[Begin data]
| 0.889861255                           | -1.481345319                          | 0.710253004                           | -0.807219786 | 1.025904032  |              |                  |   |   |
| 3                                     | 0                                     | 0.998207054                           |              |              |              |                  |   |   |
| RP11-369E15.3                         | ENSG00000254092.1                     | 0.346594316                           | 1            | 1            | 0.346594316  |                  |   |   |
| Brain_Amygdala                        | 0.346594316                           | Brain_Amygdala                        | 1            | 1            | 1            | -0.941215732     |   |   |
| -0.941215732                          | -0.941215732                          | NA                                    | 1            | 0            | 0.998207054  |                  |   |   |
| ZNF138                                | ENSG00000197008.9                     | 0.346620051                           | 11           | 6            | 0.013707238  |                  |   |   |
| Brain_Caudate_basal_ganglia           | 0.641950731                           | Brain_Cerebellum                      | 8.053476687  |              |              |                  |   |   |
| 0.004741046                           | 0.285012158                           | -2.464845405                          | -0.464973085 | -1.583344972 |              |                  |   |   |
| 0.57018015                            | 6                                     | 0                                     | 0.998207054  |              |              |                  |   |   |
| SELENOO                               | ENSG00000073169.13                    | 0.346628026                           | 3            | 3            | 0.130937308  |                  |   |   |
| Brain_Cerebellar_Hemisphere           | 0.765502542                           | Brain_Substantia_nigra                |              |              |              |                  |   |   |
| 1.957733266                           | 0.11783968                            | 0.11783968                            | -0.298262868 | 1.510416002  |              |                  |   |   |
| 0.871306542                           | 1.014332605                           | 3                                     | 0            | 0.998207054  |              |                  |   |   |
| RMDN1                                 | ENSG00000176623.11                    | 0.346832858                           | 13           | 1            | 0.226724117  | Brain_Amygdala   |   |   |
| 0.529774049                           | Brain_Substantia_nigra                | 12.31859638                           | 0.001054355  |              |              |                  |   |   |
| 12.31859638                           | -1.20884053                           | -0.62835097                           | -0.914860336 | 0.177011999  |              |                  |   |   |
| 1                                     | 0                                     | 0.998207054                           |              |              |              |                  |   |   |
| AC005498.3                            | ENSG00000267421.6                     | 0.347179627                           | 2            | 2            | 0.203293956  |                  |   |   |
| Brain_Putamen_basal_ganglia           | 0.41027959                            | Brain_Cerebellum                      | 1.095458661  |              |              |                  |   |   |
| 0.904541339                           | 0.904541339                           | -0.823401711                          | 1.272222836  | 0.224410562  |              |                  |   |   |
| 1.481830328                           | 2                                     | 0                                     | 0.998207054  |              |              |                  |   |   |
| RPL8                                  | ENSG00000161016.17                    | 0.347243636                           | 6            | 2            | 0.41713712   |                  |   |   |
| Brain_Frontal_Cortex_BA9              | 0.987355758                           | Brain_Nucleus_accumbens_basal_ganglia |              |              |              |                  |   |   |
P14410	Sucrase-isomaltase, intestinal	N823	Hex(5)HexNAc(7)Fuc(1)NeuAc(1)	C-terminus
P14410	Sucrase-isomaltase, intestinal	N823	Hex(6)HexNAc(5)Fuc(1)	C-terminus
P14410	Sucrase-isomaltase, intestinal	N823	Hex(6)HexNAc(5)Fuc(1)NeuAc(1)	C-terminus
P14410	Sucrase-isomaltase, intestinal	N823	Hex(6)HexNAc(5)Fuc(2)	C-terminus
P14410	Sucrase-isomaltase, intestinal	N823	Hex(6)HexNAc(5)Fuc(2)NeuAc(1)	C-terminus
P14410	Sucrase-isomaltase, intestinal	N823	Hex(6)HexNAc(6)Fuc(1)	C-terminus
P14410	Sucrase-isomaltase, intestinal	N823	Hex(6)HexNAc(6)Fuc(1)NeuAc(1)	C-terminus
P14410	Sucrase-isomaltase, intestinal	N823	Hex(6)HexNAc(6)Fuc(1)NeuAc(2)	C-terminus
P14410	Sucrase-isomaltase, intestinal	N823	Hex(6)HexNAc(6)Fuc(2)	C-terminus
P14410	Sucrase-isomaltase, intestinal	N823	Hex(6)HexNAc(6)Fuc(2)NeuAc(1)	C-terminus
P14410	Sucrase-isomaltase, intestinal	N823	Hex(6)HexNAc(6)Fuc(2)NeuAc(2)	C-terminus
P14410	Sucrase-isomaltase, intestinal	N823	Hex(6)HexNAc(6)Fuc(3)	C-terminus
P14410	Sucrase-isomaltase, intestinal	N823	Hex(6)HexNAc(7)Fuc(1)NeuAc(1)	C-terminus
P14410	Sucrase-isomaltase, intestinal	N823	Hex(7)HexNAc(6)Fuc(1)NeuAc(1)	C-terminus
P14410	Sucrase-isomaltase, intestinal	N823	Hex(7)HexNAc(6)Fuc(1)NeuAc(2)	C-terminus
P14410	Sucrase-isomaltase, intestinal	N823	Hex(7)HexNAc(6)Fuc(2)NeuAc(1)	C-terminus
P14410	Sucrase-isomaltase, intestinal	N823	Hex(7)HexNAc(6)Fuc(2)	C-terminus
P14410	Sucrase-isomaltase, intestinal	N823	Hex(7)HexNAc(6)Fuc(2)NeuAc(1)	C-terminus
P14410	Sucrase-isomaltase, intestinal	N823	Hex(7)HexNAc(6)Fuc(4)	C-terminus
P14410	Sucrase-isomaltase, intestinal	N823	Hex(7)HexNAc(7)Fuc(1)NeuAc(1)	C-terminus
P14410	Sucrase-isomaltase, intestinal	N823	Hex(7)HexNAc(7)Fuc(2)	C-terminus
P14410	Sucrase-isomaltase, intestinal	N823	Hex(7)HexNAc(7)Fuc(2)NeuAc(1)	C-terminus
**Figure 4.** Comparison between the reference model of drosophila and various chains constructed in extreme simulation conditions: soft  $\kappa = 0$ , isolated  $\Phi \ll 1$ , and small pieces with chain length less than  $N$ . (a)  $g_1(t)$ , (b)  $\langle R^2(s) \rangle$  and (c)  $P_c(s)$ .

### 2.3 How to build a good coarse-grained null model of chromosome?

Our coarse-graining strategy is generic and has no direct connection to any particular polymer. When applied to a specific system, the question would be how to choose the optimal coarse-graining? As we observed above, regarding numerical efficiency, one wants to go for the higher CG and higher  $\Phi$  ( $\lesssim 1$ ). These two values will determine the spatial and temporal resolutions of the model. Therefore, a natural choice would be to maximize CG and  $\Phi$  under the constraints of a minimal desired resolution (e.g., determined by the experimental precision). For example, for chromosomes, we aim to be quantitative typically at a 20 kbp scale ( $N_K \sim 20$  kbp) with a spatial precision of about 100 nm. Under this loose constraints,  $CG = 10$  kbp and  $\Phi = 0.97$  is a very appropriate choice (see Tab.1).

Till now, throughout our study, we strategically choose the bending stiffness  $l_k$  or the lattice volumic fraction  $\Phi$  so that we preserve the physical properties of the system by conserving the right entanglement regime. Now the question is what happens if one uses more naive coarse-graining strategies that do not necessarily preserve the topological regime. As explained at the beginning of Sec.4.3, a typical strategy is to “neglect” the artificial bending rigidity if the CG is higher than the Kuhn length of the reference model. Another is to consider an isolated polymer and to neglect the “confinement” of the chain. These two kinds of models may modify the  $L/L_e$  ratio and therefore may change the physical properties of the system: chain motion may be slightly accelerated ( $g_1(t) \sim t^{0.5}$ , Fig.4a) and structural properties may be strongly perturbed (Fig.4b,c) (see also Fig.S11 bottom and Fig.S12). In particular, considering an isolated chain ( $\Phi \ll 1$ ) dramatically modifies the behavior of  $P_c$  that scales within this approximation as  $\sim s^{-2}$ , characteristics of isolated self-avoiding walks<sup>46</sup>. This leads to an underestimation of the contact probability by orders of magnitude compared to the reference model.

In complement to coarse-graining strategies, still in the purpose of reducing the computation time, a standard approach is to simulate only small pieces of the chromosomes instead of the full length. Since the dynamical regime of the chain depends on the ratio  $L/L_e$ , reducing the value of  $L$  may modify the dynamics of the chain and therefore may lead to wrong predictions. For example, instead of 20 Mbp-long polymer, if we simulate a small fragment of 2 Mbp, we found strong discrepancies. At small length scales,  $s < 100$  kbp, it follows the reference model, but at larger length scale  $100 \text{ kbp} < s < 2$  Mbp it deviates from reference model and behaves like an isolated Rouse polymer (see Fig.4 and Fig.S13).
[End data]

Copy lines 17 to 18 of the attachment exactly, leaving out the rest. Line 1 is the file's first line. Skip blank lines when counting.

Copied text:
| 1                                     | 0                                     | 0.998207054                           |              |              |              |                  |   |   |
| AC005498.3                            | ENSG00000267421.6                     | 0.347179627                           | 2            | 2            | 0.203293956  |                  |   |   |